29th April 2006 – Arrival in St. Bees – 0 miles
As I have mentioned elsewhere, the tricky problem of getting to St. Bees on a Bank Holiday weekend was resolved by the begging of a lift from my very good friend and neighbour Steve. This saved me spending a small fortune and several hours of my life on public transport. I was later to find out that Packhorse offer a service where you can leave your car parked in their secure car park in Kirkby Stephen and then use their minibus to get to St. Bees. Although this seems like a great idea, it does cost quite a lot (not sure but in the region of £60 I think), it also means that you don’t get to start walking until mid morning and you have to be in Robin Hood’s Bay in time to catch the minibus back to Kirkby Stephen. However, the service does exist. At mid afternoon, therefore, on Saturday 29th April we rolled into St. Bees and parked up in front of Stonehouse Farm, which is centrally placed, close to the pubs and the train station. I checked in, deposited bags in the room and took Steve for a pint in the Manor House Hotel just up the road from the Bu0026amp;B. It was the least I could do before he started his 3 hour drive back home. My first Coast to Coast beer was a pint of Theakston’s Bitter and very welcome it was too. After seeing Steve off I decided to make the most of the lovely sunny evening and took a tour of the village. This would also allow me to get straight down to business in the morning. I visited the lovely old Priory Church, which was unfortunately sheathed in scaffolding, so didn’t make for a very good picture. Evening, especially a sunny one, is the best time to visit the church I think, as the light enhances the splendid arch in the Western door. I took a walk down to the beach to find the lie of the land, and also took a short walk up South Head to get a better picture of the beach and town. On my way down I passed a guy who appeared to be setting off on a walk along the C2C path. He had a small day pack and some serious walking boots on, but I couldn’t understand why anyone would be setting off on a walk at 18:00, with only two or three hours of good daylight left. I found out at breakfast the next day, from the landlady, that he was doing the first 6 miles of the C2C that evening and then starting off the next day from that point. The St. Bees sign at the sea wall, where everyone gets their picture taken, was missing, although the sandstone blocks to which it is normally attached was still there. I guess it must have been vandalised or was being replaced, but still a little disappointing not to see it. I headed back to town and had my evening meal in the Queens Hotel (locally produced Cumberland Sausage £6.95) with a lovely pint of Jennings Cocker Hoop. The place was almost completely empty, but they were preparing for a fancy dress party and the bar staff were already dressed up. So my claim to fame for the C2C was that I was served by Kelly Osborne and Frank Lampard. Back in the Bu0026amp;B the landlady asked me what time I would like breakfast, she said she had a party of 3-Peakers in and they were eating at 06:30. I always like to make an early start when walking, so an early breakfast is very welcome. I settled for 07:00. It turns out that the 3-Peakers were doing the National 3 Peaks challenge, but in three days rather than the traditional 24 hours.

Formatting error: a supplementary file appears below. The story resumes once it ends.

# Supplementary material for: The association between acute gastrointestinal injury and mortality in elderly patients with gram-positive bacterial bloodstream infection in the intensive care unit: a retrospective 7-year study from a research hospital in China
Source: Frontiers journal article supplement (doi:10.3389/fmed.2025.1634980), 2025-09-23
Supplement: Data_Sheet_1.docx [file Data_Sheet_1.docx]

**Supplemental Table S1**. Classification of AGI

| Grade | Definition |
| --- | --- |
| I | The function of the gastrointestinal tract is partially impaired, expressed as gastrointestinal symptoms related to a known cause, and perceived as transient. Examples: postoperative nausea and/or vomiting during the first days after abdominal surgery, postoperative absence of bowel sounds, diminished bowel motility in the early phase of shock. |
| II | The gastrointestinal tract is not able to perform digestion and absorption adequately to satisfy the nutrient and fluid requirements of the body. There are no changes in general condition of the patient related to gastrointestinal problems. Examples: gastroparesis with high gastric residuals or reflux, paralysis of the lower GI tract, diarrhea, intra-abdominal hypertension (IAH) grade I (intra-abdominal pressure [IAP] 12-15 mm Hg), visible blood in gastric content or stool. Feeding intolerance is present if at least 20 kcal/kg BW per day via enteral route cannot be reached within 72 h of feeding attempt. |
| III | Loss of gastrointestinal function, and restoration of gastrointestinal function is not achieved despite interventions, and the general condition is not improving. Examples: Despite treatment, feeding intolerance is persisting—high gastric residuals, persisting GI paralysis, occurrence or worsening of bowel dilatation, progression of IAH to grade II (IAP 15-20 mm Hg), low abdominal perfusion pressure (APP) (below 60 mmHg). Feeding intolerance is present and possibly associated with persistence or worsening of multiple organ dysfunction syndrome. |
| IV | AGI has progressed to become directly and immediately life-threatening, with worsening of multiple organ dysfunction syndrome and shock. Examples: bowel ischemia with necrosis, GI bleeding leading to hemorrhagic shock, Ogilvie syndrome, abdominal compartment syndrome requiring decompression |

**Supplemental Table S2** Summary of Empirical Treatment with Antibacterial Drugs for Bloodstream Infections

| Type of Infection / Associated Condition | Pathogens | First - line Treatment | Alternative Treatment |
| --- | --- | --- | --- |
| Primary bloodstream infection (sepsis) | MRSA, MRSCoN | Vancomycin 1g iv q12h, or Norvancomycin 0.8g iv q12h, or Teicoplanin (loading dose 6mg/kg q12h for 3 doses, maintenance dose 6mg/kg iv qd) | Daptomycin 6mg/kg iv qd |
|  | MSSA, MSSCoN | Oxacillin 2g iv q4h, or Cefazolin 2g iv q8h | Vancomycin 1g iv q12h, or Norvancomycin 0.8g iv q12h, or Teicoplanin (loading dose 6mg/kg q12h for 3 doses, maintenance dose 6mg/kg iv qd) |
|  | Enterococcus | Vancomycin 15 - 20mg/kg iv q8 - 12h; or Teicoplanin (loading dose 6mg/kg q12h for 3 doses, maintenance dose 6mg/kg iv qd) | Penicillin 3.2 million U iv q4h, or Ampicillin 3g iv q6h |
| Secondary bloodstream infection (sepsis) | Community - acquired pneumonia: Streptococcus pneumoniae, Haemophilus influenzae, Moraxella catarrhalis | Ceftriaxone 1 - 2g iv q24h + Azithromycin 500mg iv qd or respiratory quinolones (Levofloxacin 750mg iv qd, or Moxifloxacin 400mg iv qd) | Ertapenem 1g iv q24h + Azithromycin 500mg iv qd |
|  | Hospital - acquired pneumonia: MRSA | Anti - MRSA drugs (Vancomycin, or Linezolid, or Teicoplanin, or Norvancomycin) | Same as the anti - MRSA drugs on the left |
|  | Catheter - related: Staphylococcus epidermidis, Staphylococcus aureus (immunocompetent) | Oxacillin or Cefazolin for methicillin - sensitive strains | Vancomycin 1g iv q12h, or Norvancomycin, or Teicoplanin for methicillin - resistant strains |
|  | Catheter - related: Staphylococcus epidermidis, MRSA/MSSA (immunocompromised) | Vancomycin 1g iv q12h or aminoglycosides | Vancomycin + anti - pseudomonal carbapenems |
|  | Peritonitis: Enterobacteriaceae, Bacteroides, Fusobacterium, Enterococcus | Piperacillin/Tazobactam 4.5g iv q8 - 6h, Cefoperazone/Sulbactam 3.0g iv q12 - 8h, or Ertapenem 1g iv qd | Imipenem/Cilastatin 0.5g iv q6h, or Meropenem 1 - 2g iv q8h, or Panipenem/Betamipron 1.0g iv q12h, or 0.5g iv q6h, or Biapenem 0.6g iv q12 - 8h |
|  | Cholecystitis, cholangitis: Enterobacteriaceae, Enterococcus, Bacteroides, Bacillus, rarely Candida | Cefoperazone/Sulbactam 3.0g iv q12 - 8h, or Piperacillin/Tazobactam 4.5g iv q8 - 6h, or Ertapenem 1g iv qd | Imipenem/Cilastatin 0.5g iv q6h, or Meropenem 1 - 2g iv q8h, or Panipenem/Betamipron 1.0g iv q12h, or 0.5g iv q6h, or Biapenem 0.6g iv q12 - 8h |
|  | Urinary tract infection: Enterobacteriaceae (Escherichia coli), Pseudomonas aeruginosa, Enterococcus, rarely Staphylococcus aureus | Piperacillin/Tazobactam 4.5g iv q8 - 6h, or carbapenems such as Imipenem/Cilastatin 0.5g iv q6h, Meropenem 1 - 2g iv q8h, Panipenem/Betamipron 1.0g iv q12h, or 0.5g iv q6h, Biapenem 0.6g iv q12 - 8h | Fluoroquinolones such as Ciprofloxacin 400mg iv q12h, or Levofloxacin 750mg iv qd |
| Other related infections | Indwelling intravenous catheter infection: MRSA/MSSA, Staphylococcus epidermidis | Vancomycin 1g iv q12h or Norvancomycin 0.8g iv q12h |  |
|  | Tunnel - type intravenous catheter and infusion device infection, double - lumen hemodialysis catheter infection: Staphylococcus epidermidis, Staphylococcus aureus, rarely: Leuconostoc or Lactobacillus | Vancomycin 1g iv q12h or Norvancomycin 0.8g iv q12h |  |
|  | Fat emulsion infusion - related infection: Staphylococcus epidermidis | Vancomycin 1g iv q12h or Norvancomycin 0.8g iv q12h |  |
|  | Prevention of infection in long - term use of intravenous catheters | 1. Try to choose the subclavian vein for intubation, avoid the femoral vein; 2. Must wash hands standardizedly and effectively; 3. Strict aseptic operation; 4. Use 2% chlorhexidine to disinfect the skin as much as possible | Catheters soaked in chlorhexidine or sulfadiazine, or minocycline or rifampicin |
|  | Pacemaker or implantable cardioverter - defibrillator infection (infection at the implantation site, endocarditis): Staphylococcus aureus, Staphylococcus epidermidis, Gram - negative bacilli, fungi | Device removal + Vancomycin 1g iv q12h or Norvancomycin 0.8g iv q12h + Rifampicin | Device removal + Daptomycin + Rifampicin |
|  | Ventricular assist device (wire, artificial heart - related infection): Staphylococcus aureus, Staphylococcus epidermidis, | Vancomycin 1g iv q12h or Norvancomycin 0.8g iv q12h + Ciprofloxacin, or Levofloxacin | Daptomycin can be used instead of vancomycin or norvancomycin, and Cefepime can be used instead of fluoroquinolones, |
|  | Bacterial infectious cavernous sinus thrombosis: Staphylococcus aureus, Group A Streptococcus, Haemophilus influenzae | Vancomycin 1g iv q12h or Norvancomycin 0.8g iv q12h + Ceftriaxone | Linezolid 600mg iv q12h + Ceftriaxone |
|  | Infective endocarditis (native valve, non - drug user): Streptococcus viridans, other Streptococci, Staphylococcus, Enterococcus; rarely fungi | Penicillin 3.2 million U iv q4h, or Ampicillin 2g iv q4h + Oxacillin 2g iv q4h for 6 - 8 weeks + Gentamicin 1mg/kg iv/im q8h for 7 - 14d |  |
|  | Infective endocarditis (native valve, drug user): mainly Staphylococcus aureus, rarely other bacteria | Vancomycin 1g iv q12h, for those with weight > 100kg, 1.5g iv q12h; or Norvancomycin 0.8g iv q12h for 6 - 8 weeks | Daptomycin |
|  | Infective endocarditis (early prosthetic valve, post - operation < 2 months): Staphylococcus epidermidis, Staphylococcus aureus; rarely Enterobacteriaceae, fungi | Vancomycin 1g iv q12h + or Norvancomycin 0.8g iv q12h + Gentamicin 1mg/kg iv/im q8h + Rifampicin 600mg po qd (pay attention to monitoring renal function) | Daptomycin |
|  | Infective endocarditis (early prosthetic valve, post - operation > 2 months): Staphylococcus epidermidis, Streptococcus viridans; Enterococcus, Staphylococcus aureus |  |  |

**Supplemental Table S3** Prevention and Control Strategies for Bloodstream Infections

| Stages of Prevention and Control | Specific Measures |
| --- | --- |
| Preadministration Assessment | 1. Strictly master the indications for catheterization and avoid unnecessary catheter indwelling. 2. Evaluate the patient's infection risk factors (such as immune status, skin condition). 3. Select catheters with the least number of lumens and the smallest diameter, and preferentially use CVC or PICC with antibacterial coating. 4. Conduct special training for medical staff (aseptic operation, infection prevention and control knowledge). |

Tonight’s Accommodation Stonehouse Farm
A great place to start your C2C adventure. A warm welcome, good sized rooms, hotel-type facilities in the room and fantastic breakfast all added to a very enjoyable stay at this farmhouse. The TV in the room had some of the freeview channels as well as the usual 5, which is a nice touch I think. Importantly, an early breakfast is available on request (and I do mean early). Also worth mentioning is just how close it is to the train station – you could easily carry your Sherpa baggage the 50 yards or so.